I was mowing my lawn one day when I found myself thinking about how I might be able to deduct a visit to see my sister on my taxes. At the moment, I was thinking more in terms of trying to get a paid author visit to the school where she teaches, the Cairo American College. But then an idea hit me. I could send my characters from SAVING THE GRIFFIN to Egypt. And they could meet some kind of creature. A sphinx? No. Too obvious. Besides, a sphinx was just a bit too close to a griffin. A scarab? Maybe. At least it wouldn’t be cute and cuddly like Grifonino. I didn’t want to write the same book. By the time I finished mowing our back hill, I knew that a scarab would be chasing Kate and Michael through the piles of sand at the base of the Great Pyramid of Giza.
I completed the first draft of THE MARK OF THE SCARAB (working title) a few days before leaving for Egypt. I wanted to have the whole project mapped out so that I’d know where I needed to go and what I needed to find out in order to complete the project. This required lots of research. I bought guide books. I read the blogs of tourists and ex-pats. I watched YouTube videos and studied pictures on Flicker. I interviewed my sister about her life in Maadi.
When we reached the Giza, I was prepared for the massive size of the pyramids. But I still gasped with delight at the sight of King Khafre’s pyramid framed by the buildings of Nazlet as-Samaan. My husband and I had arrived early with a driver and entered near the Pizza Hut. We shared the Sphinx with a French student and a few tourist guards with machine guns.
From there, we climbed up the plateau to the great pyramid of King Khufu. We went to the western side where I planned for my characters to meet the scarab after improperly walking along the bottom row of blocks. One look told me my first chapter would need a rewrite.
My characters wouldn’t have ventured past the yellow rope. Even worse, the whole area looked very well swept. I had seen any number of pictures with the dirt piles, but those pictures might have been old and didn’t reflect the current reality of things. I did notice a few piles of dirt and had my husband take pictures just in case.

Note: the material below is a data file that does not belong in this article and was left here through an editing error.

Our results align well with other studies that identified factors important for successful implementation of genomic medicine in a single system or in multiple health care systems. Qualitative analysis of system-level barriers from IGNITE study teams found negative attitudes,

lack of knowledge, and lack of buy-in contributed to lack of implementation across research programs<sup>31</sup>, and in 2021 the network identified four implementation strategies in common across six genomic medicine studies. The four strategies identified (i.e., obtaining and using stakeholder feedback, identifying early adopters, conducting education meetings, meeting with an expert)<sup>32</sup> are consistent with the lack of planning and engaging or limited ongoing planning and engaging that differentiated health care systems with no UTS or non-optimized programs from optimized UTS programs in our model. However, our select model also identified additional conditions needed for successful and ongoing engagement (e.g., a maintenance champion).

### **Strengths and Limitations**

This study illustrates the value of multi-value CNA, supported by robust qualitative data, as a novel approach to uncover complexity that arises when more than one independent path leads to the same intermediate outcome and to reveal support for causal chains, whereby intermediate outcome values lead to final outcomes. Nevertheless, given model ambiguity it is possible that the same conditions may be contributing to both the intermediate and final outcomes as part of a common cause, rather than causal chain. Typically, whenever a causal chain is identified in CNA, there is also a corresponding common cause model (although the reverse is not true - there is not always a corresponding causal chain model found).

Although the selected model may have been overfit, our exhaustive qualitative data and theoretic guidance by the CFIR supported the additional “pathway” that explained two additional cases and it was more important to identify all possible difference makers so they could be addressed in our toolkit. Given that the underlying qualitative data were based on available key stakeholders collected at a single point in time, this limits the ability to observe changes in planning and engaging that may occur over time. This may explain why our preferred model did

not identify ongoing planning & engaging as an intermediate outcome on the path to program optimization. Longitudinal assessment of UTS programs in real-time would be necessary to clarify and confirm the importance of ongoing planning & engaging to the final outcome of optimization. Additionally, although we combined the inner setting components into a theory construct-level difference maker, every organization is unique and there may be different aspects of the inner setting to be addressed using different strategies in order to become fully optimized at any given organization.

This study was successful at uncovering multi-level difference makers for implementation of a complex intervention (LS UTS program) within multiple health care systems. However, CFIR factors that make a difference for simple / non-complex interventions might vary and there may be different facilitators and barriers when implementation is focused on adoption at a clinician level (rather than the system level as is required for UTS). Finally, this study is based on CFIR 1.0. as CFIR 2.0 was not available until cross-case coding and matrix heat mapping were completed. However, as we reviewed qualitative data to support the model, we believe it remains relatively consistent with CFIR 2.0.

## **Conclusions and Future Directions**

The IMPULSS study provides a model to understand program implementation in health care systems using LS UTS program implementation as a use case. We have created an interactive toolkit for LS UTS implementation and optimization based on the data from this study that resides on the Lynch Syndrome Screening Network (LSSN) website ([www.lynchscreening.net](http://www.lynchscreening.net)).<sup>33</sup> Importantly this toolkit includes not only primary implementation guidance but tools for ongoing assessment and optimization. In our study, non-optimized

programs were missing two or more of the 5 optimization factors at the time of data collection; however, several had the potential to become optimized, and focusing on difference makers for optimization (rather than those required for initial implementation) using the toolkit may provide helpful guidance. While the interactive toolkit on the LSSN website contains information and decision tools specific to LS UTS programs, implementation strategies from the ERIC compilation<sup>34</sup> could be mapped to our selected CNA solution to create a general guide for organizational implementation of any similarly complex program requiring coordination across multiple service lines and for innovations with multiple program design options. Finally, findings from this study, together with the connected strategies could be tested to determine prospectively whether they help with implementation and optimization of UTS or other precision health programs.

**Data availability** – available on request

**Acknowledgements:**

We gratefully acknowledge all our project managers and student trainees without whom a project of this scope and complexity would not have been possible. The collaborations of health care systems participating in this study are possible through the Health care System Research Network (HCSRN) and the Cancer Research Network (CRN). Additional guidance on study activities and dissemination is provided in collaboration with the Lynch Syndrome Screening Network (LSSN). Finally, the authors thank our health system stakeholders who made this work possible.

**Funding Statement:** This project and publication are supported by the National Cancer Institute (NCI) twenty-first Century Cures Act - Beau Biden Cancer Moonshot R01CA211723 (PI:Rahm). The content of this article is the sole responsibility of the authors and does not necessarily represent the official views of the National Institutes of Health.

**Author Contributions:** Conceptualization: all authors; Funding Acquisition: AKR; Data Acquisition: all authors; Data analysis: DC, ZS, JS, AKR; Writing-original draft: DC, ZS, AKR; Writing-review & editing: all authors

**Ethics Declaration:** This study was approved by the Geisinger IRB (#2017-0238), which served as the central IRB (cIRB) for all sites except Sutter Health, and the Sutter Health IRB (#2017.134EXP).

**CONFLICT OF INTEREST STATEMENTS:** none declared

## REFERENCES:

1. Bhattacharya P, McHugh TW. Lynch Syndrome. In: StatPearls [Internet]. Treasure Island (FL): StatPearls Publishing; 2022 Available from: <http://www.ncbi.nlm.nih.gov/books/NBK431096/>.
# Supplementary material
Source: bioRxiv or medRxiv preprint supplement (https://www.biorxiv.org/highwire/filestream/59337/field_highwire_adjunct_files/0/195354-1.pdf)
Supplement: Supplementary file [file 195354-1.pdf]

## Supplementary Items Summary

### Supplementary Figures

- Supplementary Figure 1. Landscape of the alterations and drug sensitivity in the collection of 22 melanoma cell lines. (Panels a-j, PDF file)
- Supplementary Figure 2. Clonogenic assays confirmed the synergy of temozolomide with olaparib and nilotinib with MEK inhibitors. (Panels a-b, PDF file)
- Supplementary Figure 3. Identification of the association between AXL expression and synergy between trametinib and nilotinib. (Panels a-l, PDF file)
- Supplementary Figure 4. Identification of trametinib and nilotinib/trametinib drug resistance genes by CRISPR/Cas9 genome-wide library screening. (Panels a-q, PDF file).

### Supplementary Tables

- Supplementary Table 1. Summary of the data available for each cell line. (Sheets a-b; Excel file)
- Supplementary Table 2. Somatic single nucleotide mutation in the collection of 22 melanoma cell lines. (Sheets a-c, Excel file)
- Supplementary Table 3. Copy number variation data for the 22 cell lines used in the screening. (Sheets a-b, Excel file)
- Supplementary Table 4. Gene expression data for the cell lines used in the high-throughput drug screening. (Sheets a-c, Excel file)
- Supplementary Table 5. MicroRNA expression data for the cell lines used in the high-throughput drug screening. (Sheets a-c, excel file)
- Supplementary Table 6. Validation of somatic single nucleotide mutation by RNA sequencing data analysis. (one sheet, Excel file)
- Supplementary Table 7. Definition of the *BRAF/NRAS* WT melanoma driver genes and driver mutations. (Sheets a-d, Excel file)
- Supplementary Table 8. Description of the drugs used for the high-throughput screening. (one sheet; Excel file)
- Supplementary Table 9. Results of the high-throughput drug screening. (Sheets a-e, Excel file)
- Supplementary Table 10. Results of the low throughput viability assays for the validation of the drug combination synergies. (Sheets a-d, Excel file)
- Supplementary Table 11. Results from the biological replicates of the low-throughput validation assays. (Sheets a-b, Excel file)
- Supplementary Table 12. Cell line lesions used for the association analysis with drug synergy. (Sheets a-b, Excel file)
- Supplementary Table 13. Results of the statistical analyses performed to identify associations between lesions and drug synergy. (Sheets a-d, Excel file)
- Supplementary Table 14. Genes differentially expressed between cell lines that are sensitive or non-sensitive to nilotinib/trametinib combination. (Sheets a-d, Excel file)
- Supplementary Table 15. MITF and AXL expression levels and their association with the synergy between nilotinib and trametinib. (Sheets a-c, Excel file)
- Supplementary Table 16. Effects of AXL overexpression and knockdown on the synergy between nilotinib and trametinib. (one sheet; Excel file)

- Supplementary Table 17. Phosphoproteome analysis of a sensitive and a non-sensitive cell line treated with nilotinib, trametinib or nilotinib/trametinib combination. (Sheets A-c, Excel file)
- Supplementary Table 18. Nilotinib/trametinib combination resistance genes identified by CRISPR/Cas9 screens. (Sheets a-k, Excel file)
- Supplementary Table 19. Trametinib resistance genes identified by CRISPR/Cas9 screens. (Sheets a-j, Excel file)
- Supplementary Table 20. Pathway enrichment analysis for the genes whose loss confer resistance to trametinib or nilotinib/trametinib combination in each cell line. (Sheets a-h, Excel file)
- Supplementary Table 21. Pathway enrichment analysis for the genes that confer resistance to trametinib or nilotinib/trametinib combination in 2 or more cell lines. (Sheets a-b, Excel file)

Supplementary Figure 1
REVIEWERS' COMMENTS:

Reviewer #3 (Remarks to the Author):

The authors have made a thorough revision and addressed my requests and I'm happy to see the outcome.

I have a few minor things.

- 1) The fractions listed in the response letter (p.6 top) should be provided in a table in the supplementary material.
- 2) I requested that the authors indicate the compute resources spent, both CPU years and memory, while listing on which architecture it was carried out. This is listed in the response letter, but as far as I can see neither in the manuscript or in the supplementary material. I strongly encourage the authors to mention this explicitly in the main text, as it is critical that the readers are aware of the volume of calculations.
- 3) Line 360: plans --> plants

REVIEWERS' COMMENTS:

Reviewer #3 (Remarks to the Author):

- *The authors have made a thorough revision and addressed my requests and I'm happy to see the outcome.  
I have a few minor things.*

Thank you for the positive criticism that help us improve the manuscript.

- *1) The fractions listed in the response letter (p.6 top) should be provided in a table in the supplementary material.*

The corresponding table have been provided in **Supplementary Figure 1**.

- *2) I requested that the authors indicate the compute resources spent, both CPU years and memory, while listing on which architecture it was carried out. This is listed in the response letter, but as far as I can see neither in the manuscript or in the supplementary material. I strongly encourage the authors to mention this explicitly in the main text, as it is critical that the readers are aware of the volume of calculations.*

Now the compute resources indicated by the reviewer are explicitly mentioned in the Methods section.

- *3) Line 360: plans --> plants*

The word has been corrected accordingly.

After visiting a few tombs in the Western Cemetery, we walked over to the western side of King Khafre’s pyramid. Can you say paydirt? I’m pretty sure I did. The tumbled hunks of pink granite and piles of dirt were a perfect place for my scarab to be skulking around.
My husband and I were the only two tourists back there. I knew my characters would scramble up onto the bottom row of blocks for just a few moments while their mother, a chronic tourist with a weakness for clear days and ancient monuments, took a few photos of King Menkaure’s pyramid. And yes, that is the smallest of the three major pyramids at Giza in the picture below. If you look hard, you’ll see a dark spot close to halfway between the bases of these two pyramids. It’s a couple of horses.
When I returned home, I had my own photos for reference. While I can reel off dialogue by the page, I always struggle with description. With the pictures in front of me, I could build the scene on the page with the hopes that it would leap up into the mind of a future reader. I often work from photos when setting a scene in an unfamiliar place. If you’re a writer who struggles with description, you should try this, too.